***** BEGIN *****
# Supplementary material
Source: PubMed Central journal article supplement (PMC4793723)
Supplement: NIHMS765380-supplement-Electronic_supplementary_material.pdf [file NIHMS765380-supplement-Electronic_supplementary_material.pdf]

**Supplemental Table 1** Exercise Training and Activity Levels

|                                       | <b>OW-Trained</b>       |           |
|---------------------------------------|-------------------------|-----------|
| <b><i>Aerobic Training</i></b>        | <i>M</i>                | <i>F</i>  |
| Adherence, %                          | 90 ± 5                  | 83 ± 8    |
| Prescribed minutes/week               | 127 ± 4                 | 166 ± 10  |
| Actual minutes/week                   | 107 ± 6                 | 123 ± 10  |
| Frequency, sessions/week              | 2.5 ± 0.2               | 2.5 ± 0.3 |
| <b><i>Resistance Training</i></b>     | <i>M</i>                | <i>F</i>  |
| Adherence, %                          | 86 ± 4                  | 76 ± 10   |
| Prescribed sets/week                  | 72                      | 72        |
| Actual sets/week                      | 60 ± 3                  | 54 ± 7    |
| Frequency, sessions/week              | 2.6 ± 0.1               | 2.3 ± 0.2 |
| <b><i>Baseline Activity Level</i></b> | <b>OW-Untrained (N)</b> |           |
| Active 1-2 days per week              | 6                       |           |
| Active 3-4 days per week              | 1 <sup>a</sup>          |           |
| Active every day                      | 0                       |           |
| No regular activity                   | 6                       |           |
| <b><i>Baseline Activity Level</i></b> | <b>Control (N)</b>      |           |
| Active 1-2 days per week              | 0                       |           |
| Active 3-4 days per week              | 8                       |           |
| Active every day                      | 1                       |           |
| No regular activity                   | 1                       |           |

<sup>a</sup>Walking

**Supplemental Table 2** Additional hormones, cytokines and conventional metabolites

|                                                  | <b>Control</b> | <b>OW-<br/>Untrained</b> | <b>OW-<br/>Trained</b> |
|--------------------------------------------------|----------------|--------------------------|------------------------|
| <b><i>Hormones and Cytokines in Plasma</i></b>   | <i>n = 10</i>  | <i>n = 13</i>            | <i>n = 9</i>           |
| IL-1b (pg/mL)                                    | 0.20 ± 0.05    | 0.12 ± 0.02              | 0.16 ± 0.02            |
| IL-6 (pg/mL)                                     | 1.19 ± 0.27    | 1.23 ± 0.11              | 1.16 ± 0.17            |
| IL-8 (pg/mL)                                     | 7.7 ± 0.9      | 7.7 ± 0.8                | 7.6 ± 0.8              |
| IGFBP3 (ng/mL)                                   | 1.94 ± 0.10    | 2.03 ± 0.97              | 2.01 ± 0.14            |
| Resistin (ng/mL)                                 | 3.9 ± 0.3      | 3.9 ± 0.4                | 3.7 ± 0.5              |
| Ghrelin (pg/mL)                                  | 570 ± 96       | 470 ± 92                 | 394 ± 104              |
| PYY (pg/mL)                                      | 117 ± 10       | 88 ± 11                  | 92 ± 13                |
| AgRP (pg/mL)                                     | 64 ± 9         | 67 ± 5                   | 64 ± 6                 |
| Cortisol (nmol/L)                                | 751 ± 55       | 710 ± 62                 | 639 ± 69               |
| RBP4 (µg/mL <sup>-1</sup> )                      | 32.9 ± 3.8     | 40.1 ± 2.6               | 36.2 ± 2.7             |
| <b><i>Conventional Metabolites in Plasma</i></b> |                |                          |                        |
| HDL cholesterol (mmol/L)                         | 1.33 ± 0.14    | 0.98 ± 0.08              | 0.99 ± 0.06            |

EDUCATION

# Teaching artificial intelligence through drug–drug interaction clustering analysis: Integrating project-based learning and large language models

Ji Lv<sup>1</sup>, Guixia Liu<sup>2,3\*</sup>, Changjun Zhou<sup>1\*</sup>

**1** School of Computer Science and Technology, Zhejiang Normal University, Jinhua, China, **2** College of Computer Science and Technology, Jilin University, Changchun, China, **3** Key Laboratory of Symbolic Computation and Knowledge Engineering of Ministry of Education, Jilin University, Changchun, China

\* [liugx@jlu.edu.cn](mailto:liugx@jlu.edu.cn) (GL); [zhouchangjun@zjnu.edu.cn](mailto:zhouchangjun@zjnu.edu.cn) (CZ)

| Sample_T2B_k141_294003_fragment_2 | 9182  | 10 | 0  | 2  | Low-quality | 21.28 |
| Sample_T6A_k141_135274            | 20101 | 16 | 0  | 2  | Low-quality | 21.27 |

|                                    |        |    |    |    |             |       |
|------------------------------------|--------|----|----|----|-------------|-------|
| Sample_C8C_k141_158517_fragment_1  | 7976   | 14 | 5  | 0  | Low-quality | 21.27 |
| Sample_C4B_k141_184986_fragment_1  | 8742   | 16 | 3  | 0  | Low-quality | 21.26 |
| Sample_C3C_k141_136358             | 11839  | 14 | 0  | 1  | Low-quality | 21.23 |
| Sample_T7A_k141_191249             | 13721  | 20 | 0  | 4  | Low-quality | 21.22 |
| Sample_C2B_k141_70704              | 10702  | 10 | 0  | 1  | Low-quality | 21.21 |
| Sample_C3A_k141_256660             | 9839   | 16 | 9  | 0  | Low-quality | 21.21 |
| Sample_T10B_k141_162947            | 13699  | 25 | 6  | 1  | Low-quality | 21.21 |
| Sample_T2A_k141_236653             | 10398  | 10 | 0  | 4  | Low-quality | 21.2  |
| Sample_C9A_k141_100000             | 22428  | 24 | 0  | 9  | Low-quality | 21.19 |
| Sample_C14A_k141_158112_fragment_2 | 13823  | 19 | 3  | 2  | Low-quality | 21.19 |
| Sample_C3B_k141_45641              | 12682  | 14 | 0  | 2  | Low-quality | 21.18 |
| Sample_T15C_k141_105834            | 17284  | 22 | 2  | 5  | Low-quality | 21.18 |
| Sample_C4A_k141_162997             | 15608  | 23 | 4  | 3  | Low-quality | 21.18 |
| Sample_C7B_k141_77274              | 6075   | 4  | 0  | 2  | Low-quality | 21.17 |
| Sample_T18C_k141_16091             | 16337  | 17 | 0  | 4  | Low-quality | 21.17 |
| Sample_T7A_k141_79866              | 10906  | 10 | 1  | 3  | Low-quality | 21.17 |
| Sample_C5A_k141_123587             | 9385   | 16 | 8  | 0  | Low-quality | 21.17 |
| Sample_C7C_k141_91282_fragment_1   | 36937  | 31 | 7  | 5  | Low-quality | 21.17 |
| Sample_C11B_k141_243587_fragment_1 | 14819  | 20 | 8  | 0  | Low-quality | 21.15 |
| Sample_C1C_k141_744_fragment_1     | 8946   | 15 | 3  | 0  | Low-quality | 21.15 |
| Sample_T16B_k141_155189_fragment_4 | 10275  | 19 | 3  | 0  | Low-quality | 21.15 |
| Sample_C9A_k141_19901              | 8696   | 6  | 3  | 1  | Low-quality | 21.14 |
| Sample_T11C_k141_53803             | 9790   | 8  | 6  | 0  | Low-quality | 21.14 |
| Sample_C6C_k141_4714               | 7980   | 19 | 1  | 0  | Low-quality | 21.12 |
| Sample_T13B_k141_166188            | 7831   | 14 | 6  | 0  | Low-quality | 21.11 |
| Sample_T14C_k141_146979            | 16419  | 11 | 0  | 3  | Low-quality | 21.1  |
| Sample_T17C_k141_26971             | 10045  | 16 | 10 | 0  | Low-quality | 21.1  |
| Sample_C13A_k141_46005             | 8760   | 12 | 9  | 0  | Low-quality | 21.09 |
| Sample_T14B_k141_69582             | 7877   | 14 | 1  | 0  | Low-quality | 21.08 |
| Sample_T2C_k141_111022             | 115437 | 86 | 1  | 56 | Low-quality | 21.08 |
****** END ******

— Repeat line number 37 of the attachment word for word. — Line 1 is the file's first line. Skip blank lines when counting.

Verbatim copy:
| Ghrelin (pg/mL)                                  | 570 ± 96       | 470 ± 92                 | 394 ± 104              |